At first, Chan said he felt embarrassed by his English name because people would always reference the actor, but he still appreciates how his name would act as an icebreaker.
Chan said he identifies more with his English name because he started using it during pivotal years of his life. However, his Chinese name feels closer to his heart since his family and childhood friends use it.
“Having both names is kind of having two different lives,” Chan said. “And so far, they haven’t mixed together yet, or they haven’t met each other yet, so it’s pretty interesting.”
Chan said he hasn’t considered going by his Chinese name in the U.S. because having an English name is easier for others to pronounce and also helps people remember him. In his classes, even though his Chinese name is also written on the roster, Chan tells his professors to call him Jackie.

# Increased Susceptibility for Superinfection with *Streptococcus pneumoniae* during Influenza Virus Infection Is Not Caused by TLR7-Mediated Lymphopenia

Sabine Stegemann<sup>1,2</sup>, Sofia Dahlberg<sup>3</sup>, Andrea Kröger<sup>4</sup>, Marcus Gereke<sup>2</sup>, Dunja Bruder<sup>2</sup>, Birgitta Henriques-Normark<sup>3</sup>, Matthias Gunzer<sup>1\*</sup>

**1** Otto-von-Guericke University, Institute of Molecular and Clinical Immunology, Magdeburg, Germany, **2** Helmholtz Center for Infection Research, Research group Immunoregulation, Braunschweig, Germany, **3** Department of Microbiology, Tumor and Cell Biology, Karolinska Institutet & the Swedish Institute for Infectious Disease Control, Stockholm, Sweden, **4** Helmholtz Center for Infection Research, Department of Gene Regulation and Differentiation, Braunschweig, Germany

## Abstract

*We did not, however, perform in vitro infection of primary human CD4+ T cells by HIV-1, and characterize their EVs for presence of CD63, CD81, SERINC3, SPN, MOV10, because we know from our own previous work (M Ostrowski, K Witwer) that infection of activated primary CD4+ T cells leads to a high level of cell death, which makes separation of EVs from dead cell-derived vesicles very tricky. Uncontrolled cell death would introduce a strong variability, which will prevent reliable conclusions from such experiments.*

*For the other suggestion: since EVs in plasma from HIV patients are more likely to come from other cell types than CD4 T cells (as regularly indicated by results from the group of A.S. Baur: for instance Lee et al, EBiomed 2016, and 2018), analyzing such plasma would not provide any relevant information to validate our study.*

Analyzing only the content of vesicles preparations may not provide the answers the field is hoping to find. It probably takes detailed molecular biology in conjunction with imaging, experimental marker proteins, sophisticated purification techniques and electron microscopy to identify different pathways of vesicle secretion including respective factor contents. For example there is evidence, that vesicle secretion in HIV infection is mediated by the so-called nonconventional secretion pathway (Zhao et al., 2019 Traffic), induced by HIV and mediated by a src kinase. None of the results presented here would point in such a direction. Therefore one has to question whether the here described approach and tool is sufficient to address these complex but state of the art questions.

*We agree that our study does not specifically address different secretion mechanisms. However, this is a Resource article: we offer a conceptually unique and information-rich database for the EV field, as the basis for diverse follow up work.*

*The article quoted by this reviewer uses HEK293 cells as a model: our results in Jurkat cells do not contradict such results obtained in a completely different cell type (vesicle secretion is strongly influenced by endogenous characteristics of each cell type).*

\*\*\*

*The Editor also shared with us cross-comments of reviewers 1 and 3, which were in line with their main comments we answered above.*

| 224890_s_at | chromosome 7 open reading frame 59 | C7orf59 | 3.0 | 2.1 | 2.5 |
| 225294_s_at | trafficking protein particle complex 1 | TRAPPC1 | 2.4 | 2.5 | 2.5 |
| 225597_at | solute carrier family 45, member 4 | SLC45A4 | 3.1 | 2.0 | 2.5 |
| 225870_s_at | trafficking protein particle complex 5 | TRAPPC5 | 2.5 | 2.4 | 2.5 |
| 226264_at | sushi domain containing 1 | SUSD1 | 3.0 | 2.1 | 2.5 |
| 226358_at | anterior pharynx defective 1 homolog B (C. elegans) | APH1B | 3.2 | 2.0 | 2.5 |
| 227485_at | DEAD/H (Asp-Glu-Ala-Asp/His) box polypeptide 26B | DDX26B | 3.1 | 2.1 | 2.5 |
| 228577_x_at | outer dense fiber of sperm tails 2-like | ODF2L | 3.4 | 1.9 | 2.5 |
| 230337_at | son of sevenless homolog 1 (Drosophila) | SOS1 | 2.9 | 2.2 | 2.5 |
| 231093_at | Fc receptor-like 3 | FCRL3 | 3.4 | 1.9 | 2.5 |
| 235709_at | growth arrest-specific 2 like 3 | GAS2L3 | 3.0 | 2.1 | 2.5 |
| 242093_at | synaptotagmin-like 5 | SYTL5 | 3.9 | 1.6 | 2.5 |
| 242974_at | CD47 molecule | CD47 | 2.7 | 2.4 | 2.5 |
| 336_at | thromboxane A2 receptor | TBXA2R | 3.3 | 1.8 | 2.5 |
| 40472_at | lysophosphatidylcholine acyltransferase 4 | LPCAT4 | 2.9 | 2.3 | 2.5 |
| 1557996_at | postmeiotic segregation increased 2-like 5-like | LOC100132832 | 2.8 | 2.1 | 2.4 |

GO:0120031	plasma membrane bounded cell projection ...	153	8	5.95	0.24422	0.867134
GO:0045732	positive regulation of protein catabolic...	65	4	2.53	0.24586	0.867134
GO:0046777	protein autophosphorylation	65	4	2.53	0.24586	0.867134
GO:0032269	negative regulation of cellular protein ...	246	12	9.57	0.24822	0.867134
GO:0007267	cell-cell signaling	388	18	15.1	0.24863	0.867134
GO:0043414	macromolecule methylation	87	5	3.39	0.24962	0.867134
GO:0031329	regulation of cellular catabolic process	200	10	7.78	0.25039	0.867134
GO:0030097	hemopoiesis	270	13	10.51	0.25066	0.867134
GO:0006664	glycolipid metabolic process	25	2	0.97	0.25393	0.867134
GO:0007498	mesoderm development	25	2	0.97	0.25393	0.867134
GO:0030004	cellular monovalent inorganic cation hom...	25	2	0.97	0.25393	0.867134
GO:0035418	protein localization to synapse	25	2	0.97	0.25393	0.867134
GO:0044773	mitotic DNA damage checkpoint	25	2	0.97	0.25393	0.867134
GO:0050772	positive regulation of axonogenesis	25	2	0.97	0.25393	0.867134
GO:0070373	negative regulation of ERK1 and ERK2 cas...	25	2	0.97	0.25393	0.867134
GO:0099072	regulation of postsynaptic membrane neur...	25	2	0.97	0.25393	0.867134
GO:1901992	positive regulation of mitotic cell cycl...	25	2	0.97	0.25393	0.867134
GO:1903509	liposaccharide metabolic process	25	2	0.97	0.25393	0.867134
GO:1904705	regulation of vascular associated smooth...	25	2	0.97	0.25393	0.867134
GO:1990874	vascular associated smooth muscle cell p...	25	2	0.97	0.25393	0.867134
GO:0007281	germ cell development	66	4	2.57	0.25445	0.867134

A broader societal dynamic at play
Muonagolu said before he came to Pepperdine, he mainly went by the name AJ, partly to appease his white peers and make his name simpler for others.
Echoing both Muonagolu and Chan, Kim said people who have more than one name often choose to go by the name that is “easier” and more “acceptable” in an American, English-speaking context.
“Research shows that it’s going to be harder for that person to gain access to all these various forms of capital, and they’ll be stereotyped in all these ways,” Kim said. “So it’s this kind of existential dilemma, ‘Do you give the name of your heritage and not the name that you want your child to have? Or do you change?’”
Kim said names are social cues and symbols at an individual level that can sometimes even point to negative, threatening stereotypes.
Kim said her brother views their last name as identifying him as “the other,” “the foreigner” who does not belong. When her brother shared his last name with others, for instance, people would often ask him if he was related to the North Korean leaders Kim Jong-il or Kim Jong Un.